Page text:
Only about 10% of blind people around the world can read Braille. One primary reason is the high cost of Braille displays. The cost is a result of their complexity and reliability – required to ensure that they are able to handle wear and tear.

[Vijay] has been working since 3 years on a Refreshable Braille Display but has only recently been able to make some substantial progress after teaming up with [Paul D’souza]. During his initial experiments, he used dot matrix printer heads, but the current version uses tiny vibration motors as used in mobile phones. He’s converting rotary motion of the tiny motors in to linear movement for pushing the Braille “cell” pins up and down. The eccentric weight on the vibration motor is replaced with a shaped cam. Continuous rotation of the cam is limited by a stopper, which is part of the 3D printed housing that holds the motors. Another 3D printed part has three cam followers, levers, springs and Braille pins rolled in one piece, to create half a Braille cell. Depending on the cam position, the pins are either pushed up or down. One Braille cell module consists of two cam follower pieces, a housing for six vibration motors, and a cover plate. Multiple modules are chained together to form the display.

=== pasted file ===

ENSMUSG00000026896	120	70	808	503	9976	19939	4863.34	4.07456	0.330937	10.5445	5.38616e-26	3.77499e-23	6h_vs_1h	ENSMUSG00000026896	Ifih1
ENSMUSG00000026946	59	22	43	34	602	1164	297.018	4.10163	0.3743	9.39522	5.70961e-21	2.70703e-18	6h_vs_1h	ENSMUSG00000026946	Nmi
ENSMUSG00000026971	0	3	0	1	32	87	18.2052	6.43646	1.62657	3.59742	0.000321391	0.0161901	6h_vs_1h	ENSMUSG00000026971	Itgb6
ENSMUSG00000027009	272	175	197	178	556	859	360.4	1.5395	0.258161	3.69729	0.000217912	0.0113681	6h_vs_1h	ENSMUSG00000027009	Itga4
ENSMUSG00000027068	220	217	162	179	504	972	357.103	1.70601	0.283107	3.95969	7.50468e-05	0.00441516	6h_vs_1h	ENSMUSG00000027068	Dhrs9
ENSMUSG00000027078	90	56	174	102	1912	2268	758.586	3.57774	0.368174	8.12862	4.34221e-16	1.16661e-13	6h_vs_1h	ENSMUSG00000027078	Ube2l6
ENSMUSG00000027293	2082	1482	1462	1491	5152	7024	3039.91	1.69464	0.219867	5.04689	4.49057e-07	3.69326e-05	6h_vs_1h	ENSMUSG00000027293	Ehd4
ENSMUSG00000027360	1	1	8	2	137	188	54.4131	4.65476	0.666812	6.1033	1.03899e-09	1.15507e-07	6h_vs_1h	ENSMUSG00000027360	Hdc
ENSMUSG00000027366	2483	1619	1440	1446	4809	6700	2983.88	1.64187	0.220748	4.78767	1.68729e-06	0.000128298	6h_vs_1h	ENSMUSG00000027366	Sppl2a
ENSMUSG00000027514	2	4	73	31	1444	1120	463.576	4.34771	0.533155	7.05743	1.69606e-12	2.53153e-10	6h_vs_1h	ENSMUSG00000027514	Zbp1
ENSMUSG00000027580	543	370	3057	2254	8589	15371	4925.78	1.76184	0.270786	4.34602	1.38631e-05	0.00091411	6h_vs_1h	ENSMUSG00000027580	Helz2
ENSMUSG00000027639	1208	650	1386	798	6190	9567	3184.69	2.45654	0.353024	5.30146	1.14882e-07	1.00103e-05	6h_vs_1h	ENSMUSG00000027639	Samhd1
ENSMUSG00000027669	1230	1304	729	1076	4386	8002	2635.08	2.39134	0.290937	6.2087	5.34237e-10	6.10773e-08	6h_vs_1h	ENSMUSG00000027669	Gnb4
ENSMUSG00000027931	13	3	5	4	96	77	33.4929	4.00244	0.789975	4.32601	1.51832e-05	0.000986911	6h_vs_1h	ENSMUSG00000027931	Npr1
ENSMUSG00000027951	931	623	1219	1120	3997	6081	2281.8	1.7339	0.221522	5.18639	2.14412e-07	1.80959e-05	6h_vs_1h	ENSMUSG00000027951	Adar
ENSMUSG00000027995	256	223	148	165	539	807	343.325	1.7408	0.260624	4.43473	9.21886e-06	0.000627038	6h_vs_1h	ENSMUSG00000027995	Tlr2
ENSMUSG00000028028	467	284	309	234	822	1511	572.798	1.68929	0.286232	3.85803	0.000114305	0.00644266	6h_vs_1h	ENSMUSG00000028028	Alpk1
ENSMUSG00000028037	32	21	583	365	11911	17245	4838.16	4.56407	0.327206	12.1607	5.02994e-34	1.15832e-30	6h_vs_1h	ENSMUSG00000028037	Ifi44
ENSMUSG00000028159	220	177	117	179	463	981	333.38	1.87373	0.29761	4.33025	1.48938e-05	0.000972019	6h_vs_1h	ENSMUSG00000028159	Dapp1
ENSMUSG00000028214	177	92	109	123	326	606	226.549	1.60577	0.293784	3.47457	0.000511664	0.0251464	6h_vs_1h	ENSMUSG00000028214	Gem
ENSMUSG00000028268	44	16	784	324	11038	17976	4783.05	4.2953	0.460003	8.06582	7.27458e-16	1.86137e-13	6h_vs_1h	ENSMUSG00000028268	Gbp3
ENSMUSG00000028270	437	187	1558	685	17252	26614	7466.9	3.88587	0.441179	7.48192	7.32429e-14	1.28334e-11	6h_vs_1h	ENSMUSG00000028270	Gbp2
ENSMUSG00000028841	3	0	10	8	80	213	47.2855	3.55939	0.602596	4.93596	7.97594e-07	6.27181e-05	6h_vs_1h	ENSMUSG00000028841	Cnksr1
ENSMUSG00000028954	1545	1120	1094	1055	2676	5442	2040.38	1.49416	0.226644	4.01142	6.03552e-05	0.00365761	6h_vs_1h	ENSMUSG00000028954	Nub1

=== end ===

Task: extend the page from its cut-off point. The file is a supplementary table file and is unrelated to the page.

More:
The next step would be to work on the electronics – in particular ensuring that he is able to control the motor movement in both directions in a controlled manner. Chime in with your comments if you have any ideas. The 3D design files are available from his Dropbox folder.

The other complementary project he is working on is the Braille Keyboard – a tactile input device that can be used along with smart phones, tablets, and computers. He’s based the design around an Arduino micro with BLE for connection to a smartphone and a USB port for computer use. The device will be battery powered, and housed in a 3D printed case. It will have a set of 12 main buttons and 4 direction buttons contoured and positioned to help make typing easier, while a vibration motor will provide haptic feedback. A speech option is also planned to pronounce each character as it is typed. This one is still pretty much on the drawing board, but we do hope he takes it forward over the next few months to build and test some prototypes.






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